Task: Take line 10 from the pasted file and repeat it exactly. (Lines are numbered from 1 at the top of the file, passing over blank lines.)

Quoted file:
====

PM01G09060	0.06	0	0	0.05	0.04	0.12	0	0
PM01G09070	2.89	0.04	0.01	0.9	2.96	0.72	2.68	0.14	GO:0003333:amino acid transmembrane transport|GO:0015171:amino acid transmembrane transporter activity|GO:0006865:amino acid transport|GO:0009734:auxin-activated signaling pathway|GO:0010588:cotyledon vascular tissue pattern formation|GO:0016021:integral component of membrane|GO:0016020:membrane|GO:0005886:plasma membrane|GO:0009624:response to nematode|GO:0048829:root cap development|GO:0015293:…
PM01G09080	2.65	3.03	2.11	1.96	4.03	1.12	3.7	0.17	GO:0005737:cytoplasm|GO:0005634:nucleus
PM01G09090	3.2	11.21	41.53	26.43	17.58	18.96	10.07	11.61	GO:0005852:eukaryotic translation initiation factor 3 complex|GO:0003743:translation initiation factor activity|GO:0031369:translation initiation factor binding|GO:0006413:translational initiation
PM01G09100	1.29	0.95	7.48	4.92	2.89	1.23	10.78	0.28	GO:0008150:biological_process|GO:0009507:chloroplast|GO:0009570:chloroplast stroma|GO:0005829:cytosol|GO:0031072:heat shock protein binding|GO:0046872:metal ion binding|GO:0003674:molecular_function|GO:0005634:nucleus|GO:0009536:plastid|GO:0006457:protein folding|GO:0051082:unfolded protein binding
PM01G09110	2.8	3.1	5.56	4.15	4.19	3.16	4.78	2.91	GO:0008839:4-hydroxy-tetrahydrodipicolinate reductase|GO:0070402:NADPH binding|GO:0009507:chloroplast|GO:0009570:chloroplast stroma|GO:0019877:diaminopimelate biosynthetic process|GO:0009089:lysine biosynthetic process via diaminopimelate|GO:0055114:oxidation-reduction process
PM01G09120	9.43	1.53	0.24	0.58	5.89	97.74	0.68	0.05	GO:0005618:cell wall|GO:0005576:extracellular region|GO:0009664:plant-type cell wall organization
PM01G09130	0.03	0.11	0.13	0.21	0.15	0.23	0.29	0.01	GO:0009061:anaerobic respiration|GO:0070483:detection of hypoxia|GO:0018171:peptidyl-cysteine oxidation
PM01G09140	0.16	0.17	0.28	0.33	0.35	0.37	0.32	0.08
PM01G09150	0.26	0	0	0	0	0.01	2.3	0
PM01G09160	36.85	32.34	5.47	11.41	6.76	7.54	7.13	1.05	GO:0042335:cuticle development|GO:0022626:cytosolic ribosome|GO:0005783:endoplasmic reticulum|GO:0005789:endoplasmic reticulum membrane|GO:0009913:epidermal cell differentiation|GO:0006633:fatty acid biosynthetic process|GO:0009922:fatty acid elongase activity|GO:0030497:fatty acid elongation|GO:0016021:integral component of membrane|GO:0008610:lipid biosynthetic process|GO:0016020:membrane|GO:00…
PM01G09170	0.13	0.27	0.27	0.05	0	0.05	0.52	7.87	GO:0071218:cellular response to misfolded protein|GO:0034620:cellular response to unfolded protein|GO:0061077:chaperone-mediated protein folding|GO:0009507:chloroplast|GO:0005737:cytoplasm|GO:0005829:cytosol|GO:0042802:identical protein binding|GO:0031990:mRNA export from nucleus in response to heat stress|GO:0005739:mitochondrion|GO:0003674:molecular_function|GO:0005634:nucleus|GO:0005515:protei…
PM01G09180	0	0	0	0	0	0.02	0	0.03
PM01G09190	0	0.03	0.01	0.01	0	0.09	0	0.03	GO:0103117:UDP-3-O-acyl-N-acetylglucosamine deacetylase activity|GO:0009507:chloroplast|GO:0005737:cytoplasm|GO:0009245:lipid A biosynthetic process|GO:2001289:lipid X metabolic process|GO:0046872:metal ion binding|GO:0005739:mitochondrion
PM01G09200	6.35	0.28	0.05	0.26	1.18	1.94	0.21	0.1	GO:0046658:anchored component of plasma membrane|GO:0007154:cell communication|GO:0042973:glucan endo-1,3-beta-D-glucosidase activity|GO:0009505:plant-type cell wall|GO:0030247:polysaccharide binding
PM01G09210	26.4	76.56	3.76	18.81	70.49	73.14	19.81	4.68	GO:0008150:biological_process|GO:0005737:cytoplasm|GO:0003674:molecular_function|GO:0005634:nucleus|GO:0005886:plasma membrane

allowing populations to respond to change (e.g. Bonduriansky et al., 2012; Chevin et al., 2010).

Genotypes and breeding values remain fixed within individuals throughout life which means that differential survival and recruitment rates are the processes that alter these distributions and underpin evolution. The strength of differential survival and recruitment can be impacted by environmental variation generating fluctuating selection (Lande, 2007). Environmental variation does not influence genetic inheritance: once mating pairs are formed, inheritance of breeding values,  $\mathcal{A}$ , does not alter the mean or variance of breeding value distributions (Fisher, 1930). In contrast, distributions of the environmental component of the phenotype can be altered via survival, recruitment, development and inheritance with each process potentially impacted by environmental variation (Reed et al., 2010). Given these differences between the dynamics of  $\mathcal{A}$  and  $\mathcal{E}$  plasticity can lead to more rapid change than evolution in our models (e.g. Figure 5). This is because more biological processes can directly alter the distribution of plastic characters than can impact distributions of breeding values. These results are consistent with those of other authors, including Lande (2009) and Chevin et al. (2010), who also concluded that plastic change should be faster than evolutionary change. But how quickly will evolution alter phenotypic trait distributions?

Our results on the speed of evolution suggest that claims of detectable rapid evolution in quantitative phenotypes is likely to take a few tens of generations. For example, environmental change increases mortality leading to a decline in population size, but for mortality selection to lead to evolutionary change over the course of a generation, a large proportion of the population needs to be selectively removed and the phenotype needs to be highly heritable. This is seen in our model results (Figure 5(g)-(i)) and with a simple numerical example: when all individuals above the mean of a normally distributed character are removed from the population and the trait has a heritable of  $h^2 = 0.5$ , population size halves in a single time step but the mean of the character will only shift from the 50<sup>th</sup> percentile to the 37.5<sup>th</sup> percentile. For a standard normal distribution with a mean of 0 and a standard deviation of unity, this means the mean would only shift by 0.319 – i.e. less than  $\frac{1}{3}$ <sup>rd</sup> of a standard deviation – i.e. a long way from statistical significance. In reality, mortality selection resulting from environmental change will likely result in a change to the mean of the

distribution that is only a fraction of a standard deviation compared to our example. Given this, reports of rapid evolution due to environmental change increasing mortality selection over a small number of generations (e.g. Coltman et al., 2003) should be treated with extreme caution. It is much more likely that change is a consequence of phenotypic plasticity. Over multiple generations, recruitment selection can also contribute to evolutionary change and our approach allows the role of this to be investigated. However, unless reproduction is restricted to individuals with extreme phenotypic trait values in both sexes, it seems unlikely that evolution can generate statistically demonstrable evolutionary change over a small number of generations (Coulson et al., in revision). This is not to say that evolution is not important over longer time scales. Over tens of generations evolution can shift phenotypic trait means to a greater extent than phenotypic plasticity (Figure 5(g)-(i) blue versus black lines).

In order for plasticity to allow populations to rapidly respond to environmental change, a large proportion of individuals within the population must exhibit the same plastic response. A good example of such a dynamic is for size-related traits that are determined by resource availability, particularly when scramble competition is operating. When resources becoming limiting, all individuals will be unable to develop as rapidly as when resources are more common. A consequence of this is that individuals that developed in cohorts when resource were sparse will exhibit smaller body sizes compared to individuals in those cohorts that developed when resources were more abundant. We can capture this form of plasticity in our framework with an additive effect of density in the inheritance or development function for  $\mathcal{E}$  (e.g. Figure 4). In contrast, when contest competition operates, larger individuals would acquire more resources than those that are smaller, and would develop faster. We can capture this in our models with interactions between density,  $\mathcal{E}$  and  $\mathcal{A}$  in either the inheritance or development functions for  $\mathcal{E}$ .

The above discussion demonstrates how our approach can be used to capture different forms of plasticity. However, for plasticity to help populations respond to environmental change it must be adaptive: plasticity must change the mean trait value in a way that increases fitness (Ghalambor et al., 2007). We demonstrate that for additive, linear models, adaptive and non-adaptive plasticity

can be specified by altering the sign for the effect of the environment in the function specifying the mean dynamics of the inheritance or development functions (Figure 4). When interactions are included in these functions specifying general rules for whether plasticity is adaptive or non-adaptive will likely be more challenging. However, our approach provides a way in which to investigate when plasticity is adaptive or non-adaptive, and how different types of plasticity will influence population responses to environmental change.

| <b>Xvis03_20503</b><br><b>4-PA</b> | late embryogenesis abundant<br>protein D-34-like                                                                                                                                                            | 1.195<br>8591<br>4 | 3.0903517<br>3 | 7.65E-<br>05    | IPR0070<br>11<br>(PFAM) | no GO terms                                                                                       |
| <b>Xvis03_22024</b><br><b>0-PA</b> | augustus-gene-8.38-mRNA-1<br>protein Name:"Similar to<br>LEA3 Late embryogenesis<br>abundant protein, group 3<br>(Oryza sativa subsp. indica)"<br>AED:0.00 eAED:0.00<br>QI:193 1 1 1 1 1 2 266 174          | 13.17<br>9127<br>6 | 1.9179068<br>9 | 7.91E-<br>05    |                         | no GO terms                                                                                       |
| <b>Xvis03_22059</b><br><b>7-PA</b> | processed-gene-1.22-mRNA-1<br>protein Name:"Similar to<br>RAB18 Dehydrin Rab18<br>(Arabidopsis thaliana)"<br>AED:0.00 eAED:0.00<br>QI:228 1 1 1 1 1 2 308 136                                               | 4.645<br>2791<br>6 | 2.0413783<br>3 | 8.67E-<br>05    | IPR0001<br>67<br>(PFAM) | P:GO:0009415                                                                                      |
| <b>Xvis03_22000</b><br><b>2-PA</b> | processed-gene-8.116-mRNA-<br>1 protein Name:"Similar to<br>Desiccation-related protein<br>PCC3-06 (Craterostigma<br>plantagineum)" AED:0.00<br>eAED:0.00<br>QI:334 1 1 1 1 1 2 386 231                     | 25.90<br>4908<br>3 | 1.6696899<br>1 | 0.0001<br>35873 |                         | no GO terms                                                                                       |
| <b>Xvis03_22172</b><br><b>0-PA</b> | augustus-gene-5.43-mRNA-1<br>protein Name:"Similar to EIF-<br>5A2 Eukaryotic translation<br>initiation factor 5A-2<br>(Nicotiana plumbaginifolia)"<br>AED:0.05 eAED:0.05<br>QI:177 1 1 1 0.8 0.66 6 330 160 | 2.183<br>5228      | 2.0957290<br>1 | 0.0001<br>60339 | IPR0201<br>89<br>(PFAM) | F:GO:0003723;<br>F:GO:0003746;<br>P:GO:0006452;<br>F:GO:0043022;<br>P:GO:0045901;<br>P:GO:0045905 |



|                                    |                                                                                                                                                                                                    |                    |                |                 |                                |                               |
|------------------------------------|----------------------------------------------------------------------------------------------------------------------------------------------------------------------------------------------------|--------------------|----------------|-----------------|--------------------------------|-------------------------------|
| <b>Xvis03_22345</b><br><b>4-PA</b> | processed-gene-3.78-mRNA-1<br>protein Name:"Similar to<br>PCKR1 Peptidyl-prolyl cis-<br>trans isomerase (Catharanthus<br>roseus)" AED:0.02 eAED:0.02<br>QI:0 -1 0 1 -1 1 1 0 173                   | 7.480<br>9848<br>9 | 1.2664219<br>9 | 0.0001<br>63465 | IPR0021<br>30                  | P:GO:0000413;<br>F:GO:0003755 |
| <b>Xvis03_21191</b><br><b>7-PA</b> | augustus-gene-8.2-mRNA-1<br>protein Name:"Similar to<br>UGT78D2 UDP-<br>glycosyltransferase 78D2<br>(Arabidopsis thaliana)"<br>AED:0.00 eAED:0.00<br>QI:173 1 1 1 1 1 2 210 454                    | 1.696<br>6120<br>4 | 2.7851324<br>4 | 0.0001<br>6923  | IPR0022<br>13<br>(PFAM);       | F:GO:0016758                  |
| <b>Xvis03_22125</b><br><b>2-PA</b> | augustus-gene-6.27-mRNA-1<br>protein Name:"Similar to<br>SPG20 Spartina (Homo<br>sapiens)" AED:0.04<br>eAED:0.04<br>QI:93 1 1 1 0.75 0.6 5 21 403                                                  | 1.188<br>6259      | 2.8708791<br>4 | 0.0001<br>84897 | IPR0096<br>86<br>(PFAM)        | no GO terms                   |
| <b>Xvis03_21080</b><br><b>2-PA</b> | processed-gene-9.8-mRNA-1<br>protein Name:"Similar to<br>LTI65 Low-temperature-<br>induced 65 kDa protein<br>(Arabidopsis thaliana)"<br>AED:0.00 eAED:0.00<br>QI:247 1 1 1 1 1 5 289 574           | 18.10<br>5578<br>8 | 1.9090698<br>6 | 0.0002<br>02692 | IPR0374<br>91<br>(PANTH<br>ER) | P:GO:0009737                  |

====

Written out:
PM01G09150	0.26	0	0	0	0	0.01	2.3	0